Tipton Victoria Cross winner honoured with memorial stone
A World War One soldier has been honoured 100 years after he "demonstrated immense bravery".
Cpl Joseph Davis is the only Victoria Cross (VC) winner to be born in Tipton in the Black Country, the local Royal British Legion branch said.
Wounded himself and with eight injured officers, he led his reserve to safety in the Battle of the Somme.
A commemorative paving stone was laid at Victoria Park, with celebrations including a military band and parade.
Cpl Davies, a Royal Welch Fusilier in the British army, received the VC from King George V for his bravery at Delville Wood in France, on 20 July 1916.
'Above and beyond'
Separated from their company, he and eight men were surrounded in an enemy counter-attack.
Cpl Davies got his men into a shell hole and fought the attackers to join up with the rest of the company.
Mark Keeling, from the Tipton Royal British Legion, said: "This is the only memorial of its kind in Tipton because he was the only VC winner born in Tipton.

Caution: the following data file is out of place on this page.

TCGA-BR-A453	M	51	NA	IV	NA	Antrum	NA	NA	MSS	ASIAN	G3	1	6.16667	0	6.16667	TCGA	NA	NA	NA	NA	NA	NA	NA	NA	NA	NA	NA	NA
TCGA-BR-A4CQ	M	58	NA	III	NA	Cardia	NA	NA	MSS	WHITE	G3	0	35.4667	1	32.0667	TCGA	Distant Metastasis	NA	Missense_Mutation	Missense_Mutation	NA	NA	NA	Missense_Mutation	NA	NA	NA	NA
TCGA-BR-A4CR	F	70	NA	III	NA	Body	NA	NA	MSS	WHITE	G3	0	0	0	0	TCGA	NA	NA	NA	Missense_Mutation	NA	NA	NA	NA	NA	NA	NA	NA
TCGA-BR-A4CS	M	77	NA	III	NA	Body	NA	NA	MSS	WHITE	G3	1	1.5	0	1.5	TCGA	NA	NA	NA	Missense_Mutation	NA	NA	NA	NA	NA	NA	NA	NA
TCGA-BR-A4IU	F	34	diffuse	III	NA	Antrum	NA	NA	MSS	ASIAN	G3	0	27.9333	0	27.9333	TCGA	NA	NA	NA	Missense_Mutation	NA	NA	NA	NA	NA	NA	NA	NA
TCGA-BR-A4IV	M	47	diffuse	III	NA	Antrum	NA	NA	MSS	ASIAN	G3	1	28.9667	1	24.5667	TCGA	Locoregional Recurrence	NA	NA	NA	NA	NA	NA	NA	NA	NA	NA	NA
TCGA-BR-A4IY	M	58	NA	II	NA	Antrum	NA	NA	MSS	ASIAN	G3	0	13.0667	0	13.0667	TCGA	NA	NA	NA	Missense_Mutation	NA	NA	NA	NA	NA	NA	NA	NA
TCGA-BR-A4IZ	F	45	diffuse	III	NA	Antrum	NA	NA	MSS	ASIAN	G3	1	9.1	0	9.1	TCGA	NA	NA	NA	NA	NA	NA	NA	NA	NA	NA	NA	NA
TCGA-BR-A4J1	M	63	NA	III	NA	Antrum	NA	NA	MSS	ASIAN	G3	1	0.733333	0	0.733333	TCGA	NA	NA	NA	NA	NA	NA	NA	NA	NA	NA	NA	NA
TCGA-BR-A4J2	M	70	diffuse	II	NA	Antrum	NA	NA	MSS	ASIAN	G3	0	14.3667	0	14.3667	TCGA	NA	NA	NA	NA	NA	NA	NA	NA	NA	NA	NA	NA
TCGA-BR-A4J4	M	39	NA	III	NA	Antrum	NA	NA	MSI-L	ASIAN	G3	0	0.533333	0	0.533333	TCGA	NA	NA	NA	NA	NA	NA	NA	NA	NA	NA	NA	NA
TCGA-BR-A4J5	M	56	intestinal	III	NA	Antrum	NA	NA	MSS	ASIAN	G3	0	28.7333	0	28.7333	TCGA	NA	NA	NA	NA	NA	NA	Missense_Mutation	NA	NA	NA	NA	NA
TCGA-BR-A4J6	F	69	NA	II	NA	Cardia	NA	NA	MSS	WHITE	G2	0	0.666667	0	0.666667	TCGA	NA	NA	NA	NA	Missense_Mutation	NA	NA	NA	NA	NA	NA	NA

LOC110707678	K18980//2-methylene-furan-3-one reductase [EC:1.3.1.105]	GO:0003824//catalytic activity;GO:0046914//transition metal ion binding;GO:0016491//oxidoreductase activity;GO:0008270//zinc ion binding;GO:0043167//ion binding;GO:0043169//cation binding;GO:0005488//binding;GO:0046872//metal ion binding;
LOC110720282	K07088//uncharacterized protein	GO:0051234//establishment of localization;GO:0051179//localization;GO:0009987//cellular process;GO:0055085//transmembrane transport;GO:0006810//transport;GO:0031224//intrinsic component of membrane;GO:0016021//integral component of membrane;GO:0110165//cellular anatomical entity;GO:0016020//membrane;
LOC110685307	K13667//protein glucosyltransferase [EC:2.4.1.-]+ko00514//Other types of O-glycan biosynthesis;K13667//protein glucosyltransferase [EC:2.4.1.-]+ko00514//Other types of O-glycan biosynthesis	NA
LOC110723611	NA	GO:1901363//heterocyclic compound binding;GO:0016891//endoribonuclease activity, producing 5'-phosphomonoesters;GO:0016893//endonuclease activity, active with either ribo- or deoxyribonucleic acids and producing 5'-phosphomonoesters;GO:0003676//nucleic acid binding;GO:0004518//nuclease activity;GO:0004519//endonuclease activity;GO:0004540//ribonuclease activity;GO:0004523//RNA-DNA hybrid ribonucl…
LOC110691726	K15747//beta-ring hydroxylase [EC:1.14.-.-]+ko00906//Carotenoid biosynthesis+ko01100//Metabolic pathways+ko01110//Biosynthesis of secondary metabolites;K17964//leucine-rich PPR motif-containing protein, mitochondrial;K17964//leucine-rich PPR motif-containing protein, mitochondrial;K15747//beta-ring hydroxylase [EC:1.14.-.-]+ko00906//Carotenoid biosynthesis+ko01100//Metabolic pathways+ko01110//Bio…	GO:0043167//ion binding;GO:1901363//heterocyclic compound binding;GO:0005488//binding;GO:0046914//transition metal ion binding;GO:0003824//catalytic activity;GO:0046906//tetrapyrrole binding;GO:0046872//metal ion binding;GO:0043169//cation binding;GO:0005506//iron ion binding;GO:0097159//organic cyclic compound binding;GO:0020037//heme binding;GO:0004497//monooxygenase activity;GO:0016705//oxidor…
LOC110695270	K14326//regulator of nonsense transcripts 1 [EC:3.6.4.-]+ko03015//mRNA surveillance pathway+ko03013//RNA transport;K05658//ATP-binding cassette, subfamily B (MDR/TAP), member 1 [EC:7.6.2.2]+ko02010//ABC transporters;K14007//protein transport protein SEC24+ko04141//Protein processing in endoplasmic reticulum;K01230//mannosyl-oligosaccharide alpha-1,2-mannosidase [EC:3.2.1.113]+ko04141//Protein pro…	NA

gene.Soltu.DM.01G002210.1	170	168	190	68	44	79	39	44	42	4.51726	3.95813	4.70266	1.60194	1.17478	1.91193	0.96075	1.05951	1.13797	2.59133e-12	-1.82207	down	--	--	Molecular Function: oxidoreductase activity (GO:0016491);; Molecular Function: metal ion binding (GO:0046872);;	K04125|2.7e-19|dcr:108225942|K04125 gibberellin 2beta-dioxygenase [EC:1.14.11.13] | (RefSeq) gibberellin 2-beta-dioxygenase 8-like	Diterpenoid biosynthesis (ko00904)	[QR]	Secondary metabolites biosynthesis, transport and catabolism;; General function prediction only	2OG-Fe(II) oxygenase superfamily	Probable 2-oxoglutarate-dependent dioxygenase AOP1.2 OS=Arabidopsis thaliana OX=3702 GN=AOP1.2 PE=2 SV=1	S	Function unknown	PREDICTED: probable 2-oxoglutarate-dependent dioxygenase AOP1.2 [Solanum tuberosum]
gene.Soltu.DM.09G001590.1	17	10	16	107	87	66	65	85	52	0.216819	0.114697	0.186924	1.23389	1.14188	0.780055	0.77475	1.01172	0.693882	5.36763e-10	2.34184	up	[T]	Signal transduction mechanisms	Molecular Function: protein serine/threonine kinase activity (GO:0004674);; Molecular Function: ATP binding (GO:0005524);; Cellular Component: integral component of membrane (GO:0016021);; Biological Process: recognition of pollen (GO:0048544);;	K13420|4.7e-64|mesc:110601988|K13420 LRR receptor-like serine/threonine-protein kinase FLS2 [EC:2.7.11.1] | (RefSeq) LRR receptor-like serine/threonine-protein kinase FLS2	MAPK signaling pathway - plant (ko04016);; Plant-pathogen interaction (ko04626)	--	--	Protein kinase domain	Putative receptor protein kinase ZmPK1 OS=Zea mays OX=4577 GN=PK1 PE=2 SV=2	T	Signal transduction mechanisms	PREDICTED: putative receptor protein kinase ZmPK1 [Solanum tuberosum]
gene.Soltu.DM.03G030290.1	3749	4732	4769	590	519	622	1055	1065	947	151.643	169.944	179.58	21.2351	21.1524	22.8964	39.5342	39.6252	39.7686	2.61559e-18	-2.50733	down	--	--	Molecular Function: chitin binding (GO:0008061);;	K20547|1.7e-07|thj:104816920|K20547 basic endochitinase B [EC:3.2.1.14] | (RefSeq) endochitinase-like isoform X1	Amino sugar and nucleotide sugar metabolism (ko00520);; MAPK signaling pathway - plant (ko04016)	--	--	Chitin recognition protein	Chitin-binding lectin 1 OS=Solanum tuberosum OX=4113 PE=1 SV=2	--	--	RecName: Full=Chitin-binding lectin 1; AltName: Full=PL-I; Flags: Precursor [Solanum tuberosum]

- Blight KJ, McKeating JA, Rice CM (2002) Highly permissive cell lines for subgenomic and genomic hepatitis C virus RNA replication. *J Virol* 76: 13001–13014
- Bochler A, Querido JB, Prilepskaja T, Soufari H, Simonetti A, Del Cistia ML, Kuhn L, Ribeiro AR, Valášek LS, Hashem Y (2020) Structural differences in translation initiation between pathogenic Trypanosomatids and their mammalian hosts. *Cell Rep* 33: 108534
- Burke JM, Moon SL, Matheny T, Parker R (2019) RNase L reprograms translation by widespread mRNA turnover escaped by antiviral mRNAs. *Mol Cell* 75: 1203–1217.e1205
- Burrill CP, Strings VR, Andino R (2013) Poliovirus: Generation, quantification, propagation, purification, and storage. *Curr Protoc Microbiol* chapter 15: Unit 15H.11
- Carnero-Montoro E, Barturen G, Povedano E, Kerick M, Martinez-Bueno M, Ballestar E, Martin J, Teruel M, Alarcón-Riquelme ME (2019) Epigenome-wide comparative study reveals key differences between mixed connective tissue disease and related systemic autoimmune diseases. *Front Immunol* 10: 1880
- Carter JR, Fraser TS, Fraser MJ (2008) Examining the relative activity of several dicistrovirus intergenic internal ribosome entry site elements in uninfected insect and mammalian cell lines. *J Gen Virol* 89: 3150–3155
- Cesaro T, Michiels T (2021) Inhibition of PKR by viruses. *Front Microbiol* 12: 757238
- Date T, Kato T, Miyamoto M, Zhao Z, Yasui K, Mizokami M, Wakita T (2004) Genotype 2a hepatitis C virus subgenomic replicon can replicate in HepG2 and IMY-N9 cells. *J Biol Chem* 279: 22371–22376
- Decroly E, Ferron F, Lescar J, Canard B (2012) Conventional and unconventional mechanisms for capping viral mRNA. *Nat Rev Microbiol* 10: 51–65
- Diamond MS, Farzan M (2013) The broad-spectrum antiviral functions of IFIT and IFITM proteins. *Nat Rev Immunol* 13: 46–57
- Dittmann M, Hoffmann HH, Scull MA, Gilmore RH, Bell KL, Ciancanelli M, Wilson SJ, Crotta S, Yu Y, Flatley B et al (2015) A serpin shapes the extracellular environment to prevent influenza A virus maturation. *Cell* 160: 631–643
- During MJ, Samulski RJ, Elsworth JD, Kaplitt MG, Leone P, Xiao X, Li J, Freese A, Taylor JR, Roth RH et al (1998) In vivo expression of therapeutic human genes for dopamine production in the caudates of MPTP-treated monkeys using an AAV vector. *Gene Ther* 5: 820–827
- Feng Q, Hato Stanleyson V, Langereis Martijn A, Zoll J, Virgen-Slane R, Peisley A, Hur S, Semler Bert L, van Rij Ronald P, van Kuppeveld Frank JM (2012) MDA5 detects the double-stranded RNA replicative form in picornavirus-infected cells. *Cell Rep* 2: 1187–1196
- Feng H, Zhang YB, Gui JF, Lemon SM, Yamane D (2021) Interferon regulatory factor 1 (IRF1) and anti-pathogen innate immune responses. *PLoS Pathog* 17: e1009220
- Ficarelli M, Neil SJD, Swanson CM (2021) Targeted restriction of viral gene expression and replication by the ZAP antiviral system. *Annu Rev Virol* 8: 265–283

"He went above and beyond his duty, demonstrating immense courage and bravery to fight off the Germans twice."
Cpl Davies rose to the rank of staff sergeant and moved to Dorset. He died in Bournemouth, aged 86, in 1976.
Family from Dorset and the Black Country were present at the unveiling of the memorial stone.
A plaque in Tipton commemorates VC winner Pte Thomas Barratt, who was born in Coseley but lived and worked in Tipton, according to the Express & Star.